If we remember that disgust/contamination/contagion is a psychological phenomenon and is about protecting our boundaries, we can begin to reflect on the boundaries we’ve protected and patrolled. 

We’ve patrolled the boundary of race in so many ways in this country.  From slavery, to Jim Crow, to red-lining, to racial covenants in our neighboroods, to the indigenous boarding schools, to the school-to-prison pipeline, to police killing our Black brothers and sisters, to separating immigrant parents from their children.

We’ve patrolled the boundary of class and wealth. From inequitable school funding, to white flight, to killing labor unions, to gerrymandering legislative districts, to allowing a lack of equal access to healthcare.

We’ve patrolled the boundary of gender and sexuality. From outright homophobia and transphobia, to the gender wage gap, to domestic violence.

And we know that we have done all of these even in the Church.  Rev. Dr. Martin Luther King Jr. pointed out how Sunday was the most segregated day.  Our church can now celebrate that we ordain women and LGBTQ clergy, but we know that our global Communion still has a long way to go in these areas.  We know that some traditions are wrestling with who they allow to receive the Eucharist. 

These are all devastatingly painful behaviors. They are particularly devastating ways to see other people, people who are indeed children of God. And they are contrary to the Gospel of Jesus Christ.  

“If I but touch His clothes…”

You see, Jesus turned this dynamic on it’s head.  The religious leaders were worried they would be contaminated by sinners or by sick and unclean people, but they never imagined that instead of Jesus being contaminated, that healing would flow FROM Him. Jesus is stronger than any contaminant, any sickness, any sin, any impurity.  Contact with Jesus purifies, heals, and redeems.  Jesus shows us that only Love can dismantle the boundaries we create.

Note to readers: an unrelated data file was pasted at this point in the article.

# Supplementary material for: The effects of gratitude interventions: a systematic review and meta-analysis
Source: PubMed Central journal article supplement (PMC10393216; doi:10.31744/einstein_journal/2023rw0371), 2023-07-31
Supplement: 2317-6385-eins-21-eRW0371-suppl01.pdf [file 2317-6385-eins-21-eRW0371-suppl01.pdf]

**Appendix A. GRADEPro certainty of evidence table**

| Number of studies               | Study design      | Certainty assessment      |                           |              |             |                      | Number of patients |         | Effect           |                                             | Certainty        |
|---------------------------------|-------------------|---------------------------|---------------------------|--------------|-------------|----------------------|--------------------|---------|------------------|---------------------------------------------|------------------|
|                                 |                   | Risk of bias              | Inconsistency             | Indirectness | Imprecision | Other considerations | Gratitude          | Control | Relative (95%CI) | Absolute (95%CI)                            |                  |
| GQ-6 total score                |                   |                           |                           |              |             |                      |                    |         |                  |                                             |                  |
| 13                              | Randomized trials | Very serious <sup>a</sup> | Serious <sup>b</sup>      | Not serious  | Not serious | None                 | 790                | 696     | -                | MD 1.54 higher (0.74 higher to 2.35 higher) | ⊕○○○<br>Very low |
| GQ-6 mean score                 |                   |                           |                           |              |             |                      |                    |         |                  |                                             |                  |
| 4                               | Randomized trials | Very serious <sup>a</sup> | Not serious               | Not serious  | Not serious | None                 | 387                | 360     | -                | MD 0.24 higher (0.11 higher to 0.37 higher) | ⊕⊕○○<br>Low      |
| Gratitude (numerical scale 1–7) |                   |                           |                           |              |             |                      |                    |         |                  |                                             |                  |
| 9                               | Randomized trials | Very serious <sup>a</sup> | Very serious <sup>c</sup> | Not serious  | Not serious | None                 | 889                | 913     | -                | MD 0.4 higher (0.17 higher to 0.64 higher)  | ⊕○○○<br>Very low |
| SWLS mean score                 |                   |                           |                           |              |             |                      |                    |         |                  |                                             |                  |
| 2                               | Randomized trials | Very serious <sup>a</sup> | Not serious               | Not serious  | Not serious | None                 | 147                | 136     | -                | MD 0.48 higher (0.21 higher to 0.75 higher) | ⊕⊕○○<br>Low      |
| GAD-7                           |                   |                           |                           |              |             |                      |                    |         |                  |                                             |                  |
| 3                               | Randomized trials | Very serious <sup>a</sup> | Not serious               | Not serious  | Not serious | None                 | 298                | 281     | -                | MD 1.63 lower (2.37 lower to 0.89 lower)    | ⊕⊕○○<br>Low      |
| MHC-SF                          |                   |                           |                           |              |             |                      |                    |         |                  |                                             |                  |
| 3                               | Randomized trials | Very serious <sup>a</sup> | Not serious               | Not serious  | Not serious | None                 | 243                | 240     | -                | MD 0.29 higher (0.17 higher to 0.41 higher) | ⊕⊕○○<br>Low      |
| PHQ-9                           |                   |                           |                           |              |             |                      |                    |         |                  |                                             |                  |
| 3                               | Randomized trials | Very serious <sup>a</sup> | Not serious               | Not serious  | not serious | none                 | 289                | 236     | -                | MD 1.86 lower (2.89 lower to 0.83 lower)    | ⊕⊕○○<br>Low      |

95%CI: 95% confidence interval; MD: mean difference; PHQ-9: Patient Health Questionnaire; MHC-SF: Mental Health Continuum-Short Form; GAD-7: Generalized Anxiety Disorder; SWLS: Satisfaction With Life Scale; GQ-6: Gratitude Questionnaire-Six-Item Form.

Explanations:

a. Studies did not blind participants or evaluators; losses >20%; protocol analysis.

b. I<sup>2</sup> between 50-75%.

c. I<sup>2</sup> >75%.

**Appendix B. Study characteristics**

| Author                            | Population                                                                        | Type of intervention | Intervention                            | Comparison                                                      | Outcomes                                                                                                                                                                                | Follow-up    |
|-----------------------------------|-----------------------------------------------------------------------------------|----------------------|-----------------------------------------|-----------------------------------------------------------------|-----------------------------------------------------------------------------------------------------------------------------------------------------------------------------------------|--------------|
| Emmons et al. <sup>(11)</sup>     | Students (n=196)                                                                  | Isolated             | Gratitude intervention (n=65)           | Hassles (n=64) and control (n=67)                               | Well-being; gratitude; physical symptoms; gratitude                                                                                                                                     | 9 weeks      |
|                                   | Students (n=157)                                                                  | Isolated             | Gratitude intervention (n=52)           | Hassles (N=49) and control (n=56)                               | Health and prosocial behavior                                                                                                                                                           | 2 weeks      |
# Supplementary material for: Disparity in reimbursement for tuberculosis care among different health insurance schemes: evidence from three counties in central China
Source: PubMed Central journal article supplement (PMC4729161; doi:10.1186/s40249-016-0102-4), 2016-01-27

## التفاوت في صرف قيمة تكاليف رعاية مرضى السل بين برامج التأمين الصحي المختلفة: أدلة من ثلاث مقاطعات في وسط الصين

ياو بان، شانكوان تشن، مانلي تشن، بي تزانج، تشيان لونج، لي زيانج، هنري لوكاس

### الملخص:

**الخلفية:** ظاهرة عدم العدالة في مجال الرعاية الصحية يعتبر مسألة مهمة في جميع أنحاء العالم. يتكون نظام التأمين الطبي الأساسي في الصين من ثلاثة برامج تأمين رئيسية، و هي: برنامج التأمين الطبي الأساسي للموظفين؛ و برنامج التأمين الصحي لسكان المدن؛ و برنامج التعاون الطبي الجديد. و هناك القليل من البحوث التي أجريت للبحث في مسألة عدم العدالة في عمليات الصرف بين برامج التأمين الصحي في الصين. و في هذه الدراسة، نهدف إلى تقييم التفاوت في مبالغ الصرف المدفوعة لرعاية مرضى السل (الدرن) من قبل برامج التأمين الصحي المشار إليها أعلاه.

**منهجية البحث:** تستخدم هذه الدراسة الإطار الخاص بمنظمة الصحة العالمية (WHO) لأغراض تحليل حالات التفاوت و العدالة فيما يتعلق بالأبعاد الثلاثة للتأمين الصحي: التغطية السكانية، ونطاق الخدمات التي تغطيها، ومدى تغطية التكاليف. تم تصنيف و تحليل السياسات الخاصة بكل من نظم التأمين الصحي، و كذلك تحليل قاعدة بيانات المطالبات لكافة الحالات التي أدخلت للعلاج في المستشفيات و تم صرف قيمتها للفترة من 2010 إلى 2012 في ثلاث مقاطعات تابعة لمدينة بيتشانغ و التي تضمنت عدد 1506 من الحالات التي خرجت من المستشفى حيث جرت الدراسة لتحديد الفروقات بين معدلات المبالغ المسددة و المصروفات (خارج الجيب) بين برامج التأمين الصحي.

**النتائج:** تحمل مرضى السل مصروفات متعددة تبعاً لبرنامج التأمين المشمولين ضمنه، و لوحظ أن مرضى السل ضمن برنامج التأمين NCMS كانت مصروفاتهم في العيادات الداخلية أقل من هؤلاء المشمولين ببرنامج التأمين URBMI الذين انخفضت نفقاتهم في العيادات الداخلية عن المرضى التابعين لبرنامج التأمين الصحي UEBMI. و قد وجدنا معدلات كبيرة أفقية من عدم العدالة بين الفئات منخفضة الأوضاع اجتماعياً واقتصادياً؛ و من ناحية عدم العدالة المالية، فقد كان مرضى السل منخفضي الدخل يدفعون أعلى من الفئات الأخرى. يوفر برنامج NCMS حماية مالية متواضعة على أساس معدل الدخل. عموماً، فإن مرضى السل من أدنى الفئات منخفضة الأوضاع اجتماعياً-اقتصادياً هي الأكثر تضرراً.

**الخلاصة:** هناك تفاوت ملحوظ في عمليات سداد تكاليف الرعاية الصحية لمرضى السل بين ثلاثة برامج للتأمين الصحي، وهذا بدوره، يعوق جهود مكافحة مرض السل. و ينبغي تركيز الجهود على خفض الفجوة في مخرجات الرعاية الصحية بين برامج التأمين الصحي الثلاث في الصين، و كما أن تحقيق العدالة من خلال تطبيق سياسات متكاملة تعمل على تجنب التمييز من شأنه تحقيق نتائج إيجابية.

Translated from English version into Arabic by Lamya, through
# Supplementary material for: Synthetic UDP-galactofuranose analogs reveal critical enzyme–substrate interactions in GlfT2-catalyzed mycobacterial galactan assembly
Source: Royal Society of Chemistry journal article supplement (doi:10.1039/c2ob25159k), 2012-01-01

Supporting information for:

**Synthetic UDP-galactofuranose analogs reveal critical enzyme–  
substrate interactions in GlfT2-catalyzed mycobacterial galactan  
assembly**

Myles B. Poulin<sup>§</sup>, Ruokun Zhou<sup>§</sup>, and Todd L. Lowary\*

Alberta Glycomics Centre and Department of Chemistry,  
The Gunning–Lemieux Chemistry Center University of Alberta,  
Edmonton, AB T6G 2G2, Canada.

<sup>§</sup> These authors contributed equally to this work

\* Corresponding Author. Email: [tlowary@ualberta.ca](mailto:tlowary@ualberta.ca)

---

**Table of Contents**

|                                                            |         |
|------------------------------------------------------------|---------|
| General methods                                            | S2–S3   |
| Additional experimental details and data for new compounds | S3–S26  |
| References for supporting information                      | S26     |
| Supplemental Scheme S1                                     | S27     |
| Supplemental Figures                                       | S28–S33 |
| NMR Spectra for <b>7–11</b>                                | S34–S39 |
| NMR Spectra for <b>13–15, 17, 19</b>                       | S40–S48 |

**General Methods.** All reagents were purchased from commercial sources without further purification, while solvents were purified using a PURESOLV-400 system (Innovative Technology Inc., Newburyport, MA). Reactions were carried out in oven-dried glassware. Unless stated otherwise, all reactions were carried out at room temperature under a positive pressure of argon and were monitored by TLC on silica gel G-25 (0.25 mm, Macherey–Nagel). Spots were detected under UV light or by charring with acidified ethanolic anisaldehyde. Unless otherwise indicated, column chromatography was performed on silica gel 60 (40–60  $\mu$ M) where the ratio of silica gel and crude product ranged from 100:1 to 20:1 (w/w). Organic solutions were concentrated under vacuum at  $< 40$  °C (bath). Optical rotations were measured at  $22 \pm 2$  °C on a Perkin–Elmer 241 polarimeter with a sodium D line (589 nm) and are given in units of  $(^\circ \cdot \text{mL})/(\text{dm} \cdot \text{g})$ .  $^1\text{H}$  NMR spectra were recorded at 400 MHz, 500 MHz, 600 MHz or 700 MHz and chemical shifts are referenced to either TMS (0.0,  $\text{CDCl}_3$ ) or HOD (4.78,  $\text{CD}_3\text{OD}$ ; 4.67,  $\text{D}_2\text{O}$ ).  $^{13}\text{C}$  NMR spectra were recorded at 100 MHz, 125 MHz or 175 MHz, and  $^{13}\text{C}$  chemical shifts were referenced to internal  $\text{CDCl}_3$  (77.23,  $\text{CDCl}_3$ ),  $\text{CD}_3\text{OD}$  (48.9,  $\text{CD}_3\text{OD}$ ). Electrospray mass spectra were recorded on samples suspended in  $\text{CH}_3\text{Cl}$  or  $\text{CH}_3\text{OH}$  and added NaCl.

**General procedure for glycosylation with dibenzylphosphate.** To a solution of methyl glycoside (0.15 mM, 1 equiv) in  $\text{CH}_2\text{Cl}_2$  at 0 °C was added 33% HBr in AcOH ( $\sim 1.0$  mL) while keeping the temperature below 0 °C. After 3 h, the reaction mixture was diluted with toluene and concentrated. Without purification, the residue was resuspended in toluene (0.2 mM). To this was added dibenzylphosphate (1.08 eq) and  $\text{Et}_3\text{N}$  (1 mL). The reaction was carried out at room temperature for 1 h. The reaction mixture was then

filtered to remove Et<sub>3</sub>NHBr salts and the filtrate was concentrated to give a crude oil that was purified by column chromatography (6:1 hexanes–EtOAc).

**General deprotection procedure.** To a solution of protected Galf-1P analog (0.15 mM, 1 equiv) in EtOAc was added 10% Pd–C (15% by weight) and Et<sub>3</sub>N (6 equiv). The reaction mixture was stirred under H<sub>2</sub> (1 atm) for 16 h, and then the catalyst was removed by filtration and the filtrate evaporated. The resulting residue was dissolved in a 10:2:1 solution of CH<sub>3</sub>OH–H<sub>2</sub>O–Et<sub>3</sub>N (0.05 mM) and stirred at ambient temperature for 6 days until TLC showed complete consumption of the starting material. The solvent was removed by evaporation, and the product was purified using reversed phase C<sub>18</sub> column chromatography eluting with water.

And Jesus knew this woman didn’t just need a physical healing. She needed the wounds of expulsion and traumas of rejection she suffered to be healed. She needed to be seen as clean, as worthy, as human by her community. Knowing this, Jesus called her “Daughter” and He blessed her.

I wonder which of our neighbors is suffering due to one of these boundaries? Are any of us here even now being wounded by these practices?  What are the boundaries that Love is calling us to heal?

I pray two things. I pray that we, when we are wounded by these human boundaries of fear, that we would be filled with the faith and hope of the woman who said, “If I but touch His clothes…,” that we would press in, believing God for a miracle of healing and reconciliation.  

And I also pray that we answer Jesus’ call to tear down these boundaries with the Love of God. That we would have the courage to call the outcast, friend; to call the rejected, family; to call the broken, beloved.  I pray that we could help build the Beloved Community in such a way that no one has to have a mountain of faith just to risk being accepted or loved here.

May we hold His words in our heart as we go from here, “Daughter, your faith has made you well; go in peace, and be healed of your disease.”


Print Friendly, PDF & Email

Copyright © 2020 St. John the Evangelist Episcopal Church

St. John the Evangelist Episcopal Church
[email protected]
60 Kent St N, St. Paul, MN 55102-2232
Map & Directions

Skip to content